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Wednesday, April 24, 2024

Tarrant to die behind bars

Australian mass killer Brenton Tarrant will die behind bars.

The 29-year-old white supremacist has been sentenced to life without the possibility of parole for last year’s Christchurch, New Zealand, mosque attacks that killed 51 people and injured 40 more.

Handing down the historic sentence in the Christchurch High Court today, Justice Cameron Mander ordered that Tarrant never be released from maximum-security prison.

“Having given the matter much consideration, I am satisfied that no minimum period of imprisonment would be sufficient to satisfy the legitimate need to hold you to account for the harm you have done the the community,” said Justice Mander.

Crown prosecutor Mark Zarifeh told the court the “enormity of the offending in this case is without comparison in New Zealand’s criminal history”.

Former Grafton High School student, Tarrant, elected not to speak during the sentencing. Standby counsel acting for the terrorist today, Philip Hall said he had been given just one instruction.

“That instruction is that Mr Tarrant does not oppose the application that he should be sentenced to life imprisonment without parole on the convictions where that is open to the court,” Mr Hall said.

Tarrant initially pleaded not guilty to the attacks on the Al Noor and Linwood mosques on March 15, 2019, which he live-streamed on Facebook via a camera strapped to the military-style helmet he wore during the deadly massacre. He changed his plea to guilty in March and also dismissed his legal team.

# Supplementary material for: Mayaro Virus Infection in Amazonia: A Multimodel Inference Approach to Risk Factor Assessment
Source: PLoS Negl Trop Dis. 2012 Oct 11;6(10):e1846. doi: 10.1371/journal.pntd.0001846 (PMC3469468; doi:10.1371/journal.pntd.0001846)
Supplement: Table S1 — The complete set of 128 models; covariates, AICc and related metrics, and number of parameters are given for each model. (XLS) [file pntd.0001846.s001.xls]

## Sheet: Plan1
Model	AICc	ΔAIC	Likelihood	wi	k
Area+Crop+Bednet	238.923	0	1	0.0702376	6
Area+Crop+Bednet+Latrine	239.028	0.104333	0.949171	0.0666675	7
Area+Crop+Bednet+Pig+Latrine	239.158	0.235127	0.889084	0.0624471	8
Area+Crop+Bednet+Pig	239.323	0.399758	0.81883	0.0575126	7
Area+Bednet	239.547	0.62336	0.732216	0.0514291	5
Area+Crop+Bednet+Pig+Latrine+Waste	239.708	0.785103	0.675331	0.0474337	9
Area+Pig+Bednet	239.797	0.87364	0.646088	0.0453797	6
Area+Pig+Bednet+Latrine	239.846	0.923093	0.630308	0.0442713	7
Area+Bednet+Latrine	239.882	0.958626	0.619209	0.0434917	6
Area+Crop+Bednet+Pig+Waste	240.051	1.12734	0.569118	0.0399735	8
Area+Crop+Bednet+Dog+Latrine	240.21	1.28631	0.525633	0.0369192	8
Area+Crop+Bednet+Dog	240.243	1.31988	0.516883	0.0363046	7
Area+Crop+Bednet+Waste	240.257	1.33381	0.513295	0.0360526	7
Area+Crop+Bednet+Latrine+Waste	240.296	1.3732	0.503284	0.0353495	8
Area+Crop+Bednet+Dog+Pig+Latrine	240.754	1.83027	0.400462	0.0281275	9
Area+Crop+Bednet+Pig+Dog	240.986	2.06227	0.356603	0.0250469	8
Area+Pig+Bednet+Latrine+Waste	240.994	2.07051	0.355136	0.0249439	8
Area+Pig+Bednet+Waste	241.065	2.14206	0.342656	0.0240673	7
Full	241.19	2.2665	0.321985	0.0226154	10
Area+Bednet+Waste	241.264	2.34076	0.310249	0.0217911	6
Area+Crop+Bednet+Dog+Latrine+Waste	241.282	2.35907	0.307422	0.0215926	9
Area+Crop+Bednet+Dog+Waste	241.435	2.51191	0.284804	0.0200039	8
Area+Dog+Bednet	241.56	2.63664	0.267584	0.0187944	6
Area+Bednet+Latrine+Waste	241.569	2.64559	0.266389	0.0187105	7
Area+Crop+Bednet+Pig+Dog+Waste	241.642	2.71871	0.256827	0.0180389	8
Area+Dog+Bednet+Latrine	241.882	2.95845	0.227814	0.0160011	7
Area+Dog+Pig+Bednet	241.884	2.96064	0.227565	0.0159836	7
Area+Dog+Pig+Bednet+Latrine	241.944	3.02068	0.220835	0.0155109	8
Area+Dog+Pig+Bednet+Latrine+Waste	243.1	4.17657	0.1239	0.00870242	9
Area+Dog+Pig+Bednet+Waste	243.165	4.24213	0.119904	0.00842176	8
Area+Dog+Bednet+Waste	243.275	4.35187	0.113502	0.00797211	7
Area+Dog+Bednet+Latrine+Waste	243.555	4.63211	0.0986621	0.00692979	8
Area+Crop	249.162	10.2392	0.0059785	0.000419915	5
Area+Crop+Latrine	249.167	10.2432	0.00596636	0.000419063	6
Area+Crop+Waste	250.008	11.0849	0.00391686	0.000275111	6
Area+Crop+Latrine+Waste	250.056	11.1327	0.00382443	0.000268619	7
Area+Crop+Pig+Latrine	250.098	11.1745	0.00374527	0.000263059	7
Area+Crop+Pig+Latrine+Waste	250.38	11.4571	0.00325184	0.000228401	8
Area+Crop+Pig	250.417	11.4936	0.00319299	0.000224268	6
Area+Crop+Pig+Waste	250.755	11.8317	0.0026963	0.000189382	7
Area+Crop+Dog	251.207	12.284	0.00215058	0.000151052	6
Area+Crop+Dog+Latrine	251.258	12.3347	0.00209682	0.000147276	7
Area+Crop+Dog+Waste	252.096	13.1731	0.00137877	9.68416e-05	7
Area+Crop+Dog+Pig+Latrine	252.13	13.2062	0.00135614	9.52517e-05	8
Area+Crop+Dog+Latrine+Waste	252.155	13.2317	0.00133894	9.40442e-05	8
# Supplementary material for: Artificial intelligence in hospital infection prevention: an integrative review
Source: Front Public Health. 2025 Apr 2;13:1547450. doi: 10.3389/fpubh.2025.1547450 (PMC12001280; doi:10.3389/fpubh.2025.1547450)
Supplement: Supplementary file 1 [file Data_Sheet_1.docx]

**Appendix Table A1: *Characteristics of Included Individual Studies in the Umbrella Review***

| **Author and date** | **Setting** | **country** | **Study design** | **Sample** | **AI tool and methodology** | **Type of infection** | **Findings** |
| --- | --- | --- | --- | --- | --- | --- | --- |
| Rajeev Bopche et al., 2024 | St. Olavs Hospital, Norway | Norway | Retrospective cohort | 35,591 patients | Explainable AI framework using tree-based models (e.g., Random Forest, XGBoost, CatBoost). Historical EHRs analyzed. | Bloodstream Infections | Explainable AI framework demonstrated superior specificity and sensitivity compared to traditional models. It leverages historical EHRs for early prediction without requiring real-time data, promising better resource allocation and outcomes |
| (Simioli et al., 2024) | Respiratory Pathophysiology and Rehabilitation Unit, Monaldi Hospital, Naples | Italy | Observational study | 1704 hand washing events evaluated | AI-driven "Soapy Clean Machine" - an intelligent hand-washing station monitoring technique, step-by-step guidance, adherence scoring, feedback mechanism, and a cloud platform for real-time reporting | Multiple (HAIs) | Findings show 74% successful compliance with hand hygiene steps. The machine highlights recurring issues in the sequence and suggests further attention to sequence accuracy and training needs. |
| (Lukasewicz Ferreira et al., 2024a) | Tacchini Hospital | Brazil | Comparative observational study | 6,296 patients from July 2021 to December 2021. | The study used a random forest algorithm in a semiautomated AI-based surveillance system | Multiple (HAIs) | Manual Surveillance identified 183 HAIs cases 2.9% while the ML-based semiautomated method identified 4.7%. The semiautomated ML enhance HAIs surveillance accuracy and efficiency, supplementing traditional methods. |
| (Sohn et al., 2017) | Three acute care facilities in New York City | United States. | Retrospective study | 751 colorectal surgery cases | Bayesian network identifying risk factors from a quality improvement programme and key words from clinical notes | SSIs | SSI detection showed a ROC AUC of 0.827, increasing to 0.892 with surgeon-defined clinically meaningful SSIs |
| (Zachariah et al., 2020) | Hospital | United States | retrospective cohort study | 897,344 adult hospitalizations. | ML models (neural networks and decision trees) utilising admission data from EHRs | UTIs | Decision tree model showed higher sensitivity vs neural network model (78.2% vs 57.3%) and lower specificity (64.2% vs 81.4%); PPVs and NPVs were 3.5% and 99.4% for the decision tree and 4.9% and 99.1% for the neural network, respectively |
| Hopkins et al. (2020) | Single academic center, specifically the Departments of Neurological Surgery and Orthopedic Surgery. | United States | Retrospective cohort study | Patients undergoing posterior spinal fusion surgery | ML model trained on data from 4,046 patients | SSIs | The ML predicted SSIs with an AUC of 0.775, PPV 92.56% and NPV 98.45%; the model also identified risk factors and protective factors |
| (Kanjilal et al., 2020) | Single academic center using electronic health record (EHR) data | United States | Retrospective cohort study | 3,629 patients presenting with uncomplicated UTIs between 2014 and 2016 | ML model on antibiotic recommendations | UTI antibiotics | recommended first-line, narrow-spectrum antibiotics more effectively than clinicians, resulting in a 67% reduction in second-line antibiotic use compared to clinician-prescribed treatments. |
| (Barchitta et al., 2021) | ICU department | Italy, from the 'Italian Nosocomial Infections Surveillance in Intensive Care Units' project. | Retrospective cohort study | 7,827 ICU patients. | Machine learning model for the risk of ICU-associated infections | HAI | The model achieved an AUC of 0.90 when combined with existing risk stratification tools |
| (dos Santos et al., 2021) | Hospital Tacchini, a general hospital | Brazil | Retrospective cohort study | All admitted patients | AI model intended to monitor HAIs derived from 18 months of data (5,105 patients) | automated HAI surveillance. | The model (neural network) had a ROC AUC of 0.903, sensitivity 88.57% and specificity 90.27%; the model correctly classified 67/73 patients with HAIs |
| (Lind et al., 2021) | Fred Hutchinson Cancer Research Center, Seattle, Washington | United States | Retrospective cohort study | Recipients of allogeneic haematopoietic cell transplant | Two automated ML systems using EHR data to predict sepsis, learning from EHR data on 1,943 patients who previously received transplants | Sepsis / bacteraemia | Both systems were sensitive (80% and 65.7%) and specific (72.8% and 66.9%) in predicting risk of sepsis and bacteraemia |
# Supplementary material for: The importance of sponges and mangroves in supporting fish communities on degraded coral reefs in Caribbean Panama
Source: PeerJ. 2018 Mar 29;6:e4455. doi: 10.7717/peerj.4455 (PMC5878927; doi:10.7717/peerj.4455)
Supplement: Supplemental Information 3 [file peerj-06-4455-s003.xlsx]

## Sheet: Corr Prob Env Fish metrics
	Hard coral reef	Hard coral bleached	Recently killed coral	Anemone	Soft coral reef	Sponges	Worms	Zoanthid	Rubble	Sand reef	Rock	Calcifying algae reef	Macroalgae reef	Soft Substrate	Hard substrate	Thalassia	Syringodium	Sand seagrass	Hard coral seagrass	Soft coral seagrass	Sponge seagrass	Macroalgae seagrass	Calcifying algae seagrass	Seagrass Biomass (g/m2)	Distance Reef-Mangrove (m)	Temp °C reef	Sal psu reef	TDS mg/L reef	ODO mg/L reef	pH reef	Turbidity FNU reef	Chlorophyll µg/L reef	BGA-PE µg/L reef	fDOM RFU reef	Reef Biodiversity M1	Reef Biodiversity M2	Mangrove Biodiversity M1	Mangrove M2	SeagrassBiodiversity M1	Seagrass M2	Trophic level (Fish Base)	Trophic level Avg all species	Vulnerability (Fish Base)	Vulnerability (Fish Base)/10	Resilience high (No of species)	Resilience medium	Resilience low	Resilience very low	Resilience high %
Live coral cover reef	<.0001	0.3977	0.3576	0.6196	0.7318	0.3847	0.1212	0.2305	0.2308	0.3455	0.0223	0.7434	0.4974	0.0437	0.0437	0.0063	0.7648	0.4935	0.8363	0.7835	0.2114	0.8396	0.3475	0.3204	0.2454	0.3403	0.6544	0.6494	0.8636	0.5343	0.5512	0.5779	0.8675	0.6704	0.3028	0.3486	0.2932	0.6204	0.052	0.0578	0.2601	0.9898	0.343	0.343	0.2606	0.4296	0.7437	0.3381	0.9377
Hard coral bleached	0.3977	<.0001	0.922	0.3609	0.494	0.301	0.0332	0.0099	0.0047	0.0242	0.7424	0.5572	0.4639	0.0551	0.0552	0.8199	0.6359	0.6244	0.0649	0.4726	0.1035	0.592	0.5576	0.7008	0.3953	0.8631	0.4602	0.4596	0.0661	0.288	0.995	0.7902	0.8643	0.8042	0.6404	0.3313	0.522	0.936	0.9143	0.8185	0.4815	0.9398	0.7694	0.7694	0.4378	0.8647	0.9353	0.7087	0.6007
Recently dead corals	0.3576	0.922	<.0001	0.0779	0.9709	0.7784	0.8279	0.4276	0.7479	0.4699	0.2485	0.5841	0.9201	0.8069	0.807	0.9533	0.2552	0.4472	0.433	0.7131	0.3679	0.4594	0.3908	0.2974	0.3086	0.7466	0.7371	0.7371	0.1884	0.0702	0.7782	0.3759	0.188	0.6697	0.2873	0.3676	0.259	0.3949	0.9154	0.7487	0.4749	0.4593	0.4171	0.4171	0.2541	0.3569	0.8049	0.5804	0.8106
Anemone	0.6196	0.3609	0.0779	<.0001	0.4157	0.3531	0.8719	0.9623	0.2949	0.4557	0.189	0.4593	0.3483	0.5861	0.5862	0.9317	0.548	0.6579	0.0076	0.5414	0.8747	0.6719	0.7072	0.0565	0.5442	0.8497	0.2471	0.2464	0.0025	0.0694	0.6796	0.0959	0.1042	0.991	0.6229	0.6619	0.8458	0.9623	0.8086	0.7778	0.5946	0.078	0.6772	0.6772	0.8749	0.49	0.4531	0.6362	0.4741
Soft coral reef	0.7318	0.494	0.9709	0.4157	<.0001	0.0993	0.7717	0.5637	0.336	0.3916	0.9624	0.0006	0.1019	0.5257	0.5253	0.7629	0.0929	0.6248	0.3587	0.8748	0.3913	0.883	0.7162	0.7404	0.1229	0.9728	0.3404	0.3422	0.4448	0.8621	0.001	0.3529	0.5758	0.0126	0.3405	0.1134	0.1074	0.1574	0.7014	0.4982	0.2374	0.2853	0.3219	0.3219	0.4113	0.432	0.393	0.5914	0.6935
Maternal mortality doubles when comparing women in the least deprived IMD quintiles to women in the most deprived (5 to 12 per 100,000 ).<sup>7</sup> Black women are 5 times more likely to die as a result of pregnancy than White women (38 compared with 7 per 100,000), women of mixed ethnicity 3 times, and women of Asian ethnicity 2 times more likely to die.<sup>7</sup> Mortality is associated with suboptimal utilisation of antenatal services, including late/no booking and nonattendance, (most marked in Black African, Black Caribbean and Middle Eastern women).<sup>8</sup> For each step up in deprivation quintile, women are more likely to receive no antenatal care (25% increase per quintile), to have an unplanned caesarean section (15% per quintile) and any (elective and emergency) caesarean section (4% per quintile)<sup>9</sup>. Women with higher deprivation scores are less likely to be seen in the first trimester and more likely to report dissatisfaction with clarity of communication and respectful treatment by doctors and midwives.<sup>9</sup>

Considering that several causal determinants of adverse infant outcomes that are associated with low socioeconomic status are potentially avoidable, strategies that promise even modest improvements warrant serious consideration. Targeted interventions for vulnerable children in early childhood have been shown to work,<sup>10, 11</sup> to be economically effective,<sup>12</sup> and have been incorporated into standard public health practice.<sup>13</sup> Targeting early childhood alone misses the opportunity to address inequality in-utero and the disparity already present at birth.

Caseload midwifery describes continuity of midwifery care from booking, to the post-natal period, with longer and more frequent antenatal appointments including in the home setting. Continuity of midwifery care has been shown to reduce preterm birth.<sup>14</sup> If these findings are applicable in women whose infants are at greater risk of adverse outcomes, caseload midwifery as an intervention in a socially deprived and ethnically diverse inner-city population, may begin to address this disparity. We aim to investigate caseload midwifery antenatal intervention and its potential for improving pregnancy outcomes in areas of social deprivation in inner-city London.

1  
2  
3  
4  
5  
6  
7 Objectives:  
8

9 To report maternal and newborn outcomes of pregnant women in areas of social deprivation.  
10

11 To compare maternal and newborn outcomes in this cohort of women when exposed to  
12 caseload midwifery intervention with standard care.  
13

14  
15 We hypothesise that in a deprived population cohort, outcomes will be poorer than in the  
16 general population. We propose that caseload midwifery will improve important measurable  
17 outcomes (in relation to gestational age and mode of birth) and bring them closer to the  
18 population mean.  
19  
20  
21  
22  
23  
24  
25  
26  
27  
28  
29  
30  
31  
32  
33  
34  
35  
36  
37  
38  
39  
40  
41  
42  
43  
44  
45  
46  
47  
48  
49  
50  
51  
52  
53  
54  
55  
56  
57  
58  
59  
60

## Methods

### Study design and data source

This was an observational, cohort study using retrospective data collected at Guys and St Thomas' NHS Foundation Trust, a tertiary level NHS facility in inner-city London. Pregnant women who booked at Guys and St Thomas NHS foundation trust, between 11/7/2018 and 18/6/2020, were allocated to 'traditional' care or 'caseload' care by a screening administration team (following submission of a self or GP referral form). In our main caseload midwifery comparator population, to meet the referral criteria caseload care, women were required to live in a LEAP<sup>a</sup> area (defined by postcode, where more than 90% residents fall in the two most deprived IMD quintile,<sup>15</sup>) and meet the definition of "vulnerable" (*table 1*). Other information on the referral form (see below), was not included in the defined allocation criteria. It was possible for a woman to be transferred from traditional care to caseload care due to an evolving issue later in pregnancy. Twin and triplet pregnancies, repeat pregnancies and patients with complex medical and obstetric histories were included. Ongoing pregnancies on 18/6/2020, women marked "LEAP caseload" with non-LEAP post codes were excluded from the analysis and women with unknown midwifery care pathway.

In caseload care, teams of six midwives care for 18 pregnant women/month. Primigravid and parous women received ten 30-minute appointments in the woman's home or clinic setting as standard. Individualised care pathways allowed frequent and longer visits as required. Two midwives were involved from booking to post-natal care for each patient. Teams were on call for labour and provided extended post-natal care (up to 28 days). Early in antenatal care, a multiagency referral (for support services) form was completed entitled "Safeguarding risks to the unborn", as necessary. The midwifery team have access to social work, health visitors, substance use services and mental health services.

Mr Zarifeh said the Crown’s belief was that Tarrant still showed no remorse and said there should be no concession given for the guilty plea.

“The nature of the offending itself completely overwhelms the effect of the guilty plea,” he said.

Tarrant simply nodded in court when asked if he was aware he had the right to make submissions.

Amicus curiae Kerry Cook, who was appointed to present arguments against life without parole, said the court was obliged to recognise the “objective utilitarian benefit” of Tarrant’s guilty plea.

“The views he held then are not the views he holds now in relation to that, and there may be some further shift in the future,” Mr Cook said.

“The point is, even during the year of his incarceration there has been movement in his views. That movement includes the offer to meet the victims in a restorative justice process.”

The court heard that in a probation report prepared for the sentencing, Tarrant described his offending as “abhorrent and irrational” and said nothing good had come of it.

However the report also stated that Tarrant showed “cognitive distortions about his motives” and his psychiatrist questioned the reliability of his expressions of remorse and disavowal of his previous views.

“He had shown himself capable of careful planning of extreme violence over extended time periods and that the possibility of terrorist acts, albeit in prison at some future point, should not be discounted,” Mr Zarifeh said of the psychiatrist’s report.

More than 220 victim impact statements were read and provided to the court since Monday in what is hoped has been a tragically cathartic four-day sentencing for the families affected by the mass murderer’s actions.

Tarrant will soon be on his way back to the place he will call home for the remainder of his life – New Zealand’s only specialist maximum-security prison unit at Auckland Prison, Paremoremo, on Auckland’s North Shore.

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